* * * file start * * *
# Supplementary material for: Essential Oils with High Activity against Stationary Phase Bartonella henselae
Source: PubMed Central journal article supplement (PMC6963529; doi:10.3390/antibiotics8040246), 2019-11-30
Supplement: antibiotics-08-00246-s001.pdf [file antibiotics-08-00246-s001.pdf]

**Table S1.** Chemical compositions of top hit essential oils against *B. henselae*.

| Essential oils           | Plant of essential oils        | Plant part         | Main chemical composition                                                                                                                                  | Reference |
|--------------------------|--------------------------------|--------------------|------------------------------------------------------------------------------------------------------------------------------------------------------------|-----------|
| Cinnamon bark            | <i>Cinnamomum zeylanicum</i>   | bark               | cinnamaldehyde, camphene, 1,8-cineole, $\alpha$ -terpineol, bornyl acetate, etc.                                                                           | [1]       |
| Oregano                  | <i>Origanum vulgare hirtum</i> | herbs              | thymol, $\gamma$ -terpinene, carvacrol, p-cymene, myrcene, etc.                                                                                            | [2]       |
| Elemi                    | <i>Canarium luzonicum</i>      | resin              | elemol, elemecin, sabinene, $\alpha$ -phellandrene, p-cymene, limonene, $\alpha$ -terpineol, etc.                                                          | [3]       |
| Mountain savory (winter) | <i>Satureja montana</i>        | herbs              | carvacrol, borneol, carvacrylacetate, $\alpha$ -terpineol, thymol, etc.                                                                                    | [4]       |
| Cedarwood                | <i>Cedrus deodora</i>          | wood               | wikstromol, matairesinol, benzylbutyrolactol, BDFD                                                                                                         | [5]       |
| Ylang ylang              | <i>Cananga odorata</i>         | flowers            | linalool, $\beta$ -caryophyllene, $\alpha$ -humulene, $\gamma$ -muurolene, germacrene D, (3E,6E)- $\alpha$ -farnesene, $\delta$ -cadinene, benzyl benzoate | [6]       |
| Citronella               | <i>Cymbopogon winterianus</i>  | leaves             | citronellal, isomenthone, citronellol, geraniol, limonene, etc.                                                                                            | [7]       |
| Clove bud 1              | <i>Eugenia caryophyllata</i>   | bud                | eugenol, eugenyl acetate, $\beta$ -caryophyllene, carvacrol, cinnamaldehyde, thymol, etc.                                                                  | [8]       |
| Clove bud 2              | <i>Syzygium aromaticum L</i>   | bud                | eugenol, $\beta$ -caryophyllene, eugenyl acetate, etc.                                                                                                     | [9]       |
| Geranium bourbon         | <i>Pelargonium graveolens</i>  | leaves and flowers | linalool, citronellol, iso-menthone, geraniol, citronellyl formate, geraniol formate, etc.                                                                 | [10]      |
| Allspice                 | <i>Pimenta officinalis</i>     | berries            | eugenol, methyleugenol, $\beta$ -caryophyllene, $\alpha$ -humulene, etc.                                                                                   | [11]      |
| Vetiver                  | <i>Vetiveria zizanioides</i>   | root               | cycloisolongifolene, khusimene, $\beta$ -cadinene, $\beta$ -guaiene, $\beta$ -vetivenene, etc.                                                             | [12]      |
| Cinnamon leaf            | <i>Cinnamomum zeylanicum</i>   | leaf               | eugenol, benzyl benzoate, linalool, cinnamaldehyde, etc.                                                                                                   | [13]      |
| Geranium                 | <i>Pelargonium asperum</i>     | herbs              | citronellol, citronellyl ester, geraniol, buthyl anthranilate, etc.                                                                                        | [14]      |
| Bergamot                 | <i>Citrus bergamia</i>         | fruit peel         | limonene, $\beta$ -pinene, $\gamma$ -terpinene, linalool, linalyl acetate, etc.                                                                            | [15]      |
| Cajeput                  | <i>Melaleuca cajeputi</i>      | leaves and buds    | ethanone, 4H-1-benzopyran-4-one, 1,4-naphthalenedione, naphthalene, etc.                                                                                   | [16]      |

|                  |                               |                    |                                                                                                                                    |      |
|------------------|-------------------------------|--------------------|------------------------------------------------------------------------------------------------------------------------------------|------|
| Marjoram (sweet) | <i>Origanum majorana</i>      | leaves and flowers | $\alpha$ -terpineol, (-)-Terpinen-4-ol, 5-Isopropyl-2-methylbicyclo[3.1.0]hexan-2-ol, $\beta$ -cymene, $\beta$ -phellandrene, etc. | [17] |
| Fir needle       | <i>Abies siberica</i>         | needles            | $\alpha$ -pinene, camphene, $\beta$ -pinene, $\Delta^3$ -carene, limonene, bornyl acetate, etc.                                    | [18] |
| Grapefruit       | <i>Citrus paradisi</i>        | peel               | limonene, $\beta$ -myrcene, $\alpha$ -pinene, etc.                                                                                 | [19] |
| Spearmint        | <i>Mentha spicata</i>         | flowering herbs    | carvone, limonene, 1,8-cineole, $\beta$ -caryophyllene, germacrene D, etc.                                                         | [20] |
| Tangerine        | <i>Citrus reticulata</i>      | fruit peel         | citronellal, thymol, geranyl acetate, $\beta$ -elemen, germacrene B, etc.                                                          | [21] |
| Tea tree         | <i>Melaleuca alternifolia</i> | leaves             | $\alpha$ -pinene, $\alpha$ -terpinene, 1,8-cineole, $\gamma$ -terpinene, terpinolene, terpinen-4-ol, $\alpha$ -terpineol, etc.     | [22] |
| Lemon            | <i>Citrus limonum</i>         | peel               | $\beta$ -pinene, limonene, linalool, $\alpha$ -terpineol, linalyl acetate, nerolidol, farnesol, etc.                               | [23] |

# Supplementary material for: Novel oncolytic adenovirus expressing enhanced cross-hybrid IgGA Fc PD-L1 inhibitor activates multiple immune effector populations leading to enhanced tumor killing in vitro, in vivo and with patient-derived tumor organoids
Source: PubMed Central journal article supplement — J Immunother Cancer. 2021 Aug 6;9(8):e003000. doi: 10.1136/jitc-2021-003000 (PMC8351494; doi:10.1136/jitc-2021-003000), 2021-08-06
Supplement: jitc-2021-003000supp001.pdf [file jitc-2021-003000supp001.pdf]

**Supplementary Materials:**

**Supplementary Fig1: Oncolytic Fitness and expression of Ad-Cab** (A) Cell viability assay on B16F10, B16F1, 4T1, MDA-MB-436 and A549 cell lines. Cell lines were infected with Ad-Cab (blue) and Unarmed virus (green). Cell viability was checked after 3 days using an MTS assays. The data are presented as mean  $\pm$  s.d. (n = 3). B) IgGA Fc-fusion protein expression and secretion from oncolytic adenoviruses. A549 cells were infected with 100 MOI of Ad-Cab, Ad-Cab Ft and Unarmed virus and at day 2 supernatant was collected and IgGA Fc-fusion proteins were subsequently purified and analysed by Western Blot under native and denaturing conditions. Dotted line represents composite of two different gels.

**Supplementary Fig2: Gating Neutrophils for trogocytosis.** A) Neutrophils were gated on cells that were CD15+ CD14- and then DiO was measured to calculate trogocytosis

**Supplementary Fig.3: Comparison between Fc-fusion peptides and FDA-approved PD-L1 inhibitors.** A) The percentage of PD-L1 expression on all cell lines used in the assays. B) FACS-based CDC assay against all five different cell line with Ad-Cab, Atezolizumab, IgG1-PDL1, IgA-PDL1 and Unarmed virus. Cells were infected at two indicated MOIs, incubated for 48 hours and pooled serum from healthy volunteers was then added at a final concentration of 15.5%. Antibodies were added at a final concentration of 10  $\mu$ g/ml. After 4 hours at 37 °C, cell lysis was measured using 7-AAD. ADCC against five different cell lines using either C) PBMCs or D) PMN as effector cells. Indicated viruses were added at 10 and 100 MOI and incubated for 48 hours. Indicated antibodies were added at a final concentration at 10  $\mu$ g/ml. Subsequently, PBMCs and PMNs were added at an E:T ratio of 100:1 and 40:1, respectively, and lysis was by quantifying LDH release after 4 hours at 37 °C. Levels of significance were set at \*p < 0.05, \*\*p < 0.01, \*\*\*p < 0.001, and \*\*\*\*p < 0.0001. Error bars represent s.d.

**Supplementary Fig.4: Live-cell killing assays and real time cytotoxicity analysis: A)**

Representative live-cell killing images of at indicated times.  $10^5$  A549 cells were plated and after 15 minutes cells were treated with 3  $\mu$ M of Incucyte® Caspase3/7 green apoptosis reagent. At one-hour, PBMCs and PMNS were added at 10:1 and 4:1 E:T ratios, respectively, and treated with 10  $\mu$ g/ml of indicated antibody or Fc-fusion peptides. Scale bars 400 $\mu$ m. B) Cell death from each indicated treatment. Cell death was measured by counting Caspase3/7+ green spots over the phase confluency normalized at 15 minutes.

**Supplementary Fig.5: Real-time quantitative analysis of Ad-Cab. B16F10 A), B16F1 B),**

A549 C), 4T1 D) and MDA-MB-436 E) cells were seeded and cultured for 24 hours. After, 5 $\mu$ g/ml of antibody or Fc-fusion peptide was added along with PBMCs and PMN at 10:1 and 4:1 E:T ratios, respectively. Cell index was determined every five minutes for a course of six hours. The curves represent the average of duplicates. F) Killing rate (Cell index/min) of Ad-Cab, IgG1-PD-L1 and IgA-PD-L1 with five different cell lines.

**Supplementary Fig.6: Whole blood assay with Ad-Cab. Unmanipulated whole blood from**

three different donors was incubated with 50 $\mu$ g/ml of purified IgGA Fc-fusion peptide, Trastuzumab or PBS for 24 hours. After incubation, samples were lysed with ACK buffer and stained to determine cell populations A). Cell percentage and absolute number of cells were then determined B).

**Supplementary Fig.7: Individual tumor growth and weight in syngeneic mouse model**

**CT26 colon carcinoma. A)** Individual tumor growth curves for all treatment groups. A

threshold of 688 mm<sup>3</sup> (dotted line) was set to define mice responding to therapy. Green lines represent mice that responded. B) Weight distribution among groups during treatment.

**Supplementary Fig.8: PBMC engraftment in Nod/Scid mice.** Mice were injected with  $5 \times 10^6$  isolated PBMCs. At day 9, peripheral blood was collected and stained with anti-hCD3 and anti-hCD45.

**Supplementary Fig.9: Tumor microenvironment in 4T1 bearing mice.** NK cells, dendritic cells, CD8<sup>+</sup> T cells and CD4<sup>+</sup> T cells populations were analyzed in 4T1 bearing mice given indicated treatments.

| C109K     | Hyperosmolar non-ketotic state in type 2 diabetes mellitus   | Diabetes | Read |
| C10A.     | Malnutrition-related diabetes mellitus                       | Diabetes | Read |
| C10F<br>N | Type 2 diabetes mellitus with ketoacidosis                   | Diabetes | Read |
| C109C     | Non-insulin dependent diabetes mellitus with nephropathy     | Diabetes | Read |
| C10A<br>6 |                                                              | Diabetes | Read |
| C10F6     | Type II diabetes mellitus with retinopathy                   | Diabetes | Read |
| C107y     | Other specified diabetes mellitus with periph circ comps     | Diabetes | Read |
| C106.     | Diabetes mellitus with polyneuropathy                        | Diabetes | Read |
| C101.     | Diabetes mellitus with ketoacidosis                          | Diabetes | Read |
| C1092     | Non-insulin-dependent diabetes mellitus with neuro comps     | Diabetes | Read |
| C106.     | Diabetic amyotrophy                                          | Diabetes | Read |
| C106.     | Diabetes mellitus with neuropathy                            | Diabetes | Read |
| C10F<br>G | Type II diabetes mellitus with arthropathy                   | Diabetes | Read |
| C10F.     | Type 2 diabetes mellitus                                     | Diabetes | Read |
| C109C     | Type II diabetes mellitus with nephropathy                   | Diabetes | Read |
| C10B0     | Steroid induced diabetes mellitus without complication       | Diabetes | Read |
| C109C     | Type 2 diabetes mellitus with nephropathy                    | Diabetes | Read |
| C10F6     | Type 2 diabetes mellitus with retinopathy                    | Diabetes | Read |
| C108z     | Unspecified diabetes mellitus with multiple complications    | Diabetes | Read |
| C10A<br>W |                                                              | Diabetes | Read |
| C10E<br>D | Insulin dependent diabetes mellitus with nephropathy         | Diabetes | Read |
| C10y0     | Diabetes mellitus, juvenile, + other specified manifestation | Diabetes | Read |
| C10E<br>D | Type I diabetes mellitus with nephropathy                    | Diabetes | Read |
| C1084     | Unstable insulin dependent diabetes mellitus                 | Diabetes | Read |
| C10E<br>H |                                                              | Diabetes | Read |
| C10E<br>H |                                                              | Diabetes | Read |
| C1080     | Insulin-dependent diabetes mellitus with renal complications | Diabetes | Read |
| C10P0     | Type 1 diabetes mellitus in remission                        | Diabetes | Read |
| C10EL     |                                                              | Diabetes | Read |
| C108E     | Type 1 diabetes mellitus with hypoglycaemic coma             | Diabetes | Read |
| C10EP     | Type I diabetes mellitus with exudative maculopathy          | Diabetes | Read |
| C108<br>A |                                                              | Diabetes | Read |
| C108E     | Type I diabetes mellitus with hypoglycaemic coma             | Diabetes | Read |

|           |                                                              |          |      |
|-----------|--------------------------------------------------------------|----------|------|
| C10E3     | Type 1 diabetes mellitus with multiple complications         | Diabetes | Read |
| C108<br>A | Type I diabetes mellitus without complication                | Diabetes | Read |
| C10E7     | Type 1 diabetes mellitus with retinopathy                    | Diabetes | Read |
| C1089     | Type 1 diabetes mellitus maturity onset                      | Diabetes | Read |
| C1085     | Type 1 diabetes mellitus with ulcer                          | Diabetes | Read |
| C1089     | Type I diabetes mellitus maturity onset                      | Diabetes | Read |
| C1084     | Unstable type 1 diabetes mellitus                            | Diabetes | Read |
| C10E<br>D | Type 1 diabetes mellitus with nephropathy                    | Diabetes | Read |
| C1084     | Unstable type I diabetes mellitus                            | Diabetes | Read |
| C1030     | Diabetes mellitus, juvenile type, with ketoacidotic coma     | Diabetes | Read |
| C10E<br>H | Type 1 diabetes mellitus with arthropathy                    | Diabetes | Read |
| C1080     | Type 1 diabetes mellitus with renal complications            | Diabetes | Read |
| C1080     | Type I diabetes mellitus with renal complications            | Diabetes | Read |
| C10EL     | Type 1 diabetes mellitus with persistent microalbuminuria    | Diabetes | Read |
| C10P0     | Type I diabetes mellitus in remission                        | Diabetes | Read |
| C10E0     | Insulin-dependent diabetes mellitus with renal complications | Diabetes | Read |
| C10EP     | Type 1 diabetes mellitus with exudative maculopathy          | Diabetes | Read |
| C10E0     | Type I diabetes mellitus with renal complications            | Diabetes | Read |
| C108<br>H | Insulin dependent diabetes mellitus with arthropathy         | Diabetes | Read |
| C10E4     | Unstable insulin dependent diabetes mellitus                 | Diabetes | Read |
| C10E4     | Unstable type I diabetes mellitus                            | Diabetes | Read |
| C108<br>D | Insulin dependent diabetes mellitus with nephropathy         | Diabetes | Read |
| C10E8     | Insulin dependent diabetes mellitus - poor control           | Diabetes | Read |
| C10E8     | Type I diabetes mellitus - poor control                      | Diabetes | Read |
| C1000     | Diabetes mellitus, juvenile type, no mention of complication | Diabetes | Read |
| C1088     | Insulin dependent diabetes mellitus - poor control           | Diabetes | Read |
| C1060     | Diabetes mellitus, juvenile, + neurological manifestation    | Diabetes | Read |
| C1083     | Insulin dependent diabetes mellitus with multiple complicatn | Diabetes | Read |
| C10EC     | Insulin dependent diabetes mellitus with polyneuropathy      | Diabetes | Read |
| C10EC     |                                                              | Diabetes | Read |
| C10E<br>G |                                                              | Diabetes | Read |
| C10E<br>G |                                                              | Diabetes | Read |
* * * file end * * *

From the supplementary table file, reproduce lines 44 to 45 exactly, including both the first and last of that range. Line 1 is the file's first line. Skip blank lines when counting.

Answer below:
three different donors was incubated with 50 $\mu$ g/ml of purified IgGA Fc-fusion peptide, Trastuzumab or PBS for 24 hours. After incubation, samples were lysed with ACK buffer and stained to determine cell populations A). Cell percentage and absolute number of cells were then determined B).

**Supplementary Fig.7: Individual tumor growth and weight in syngeneic mouse model**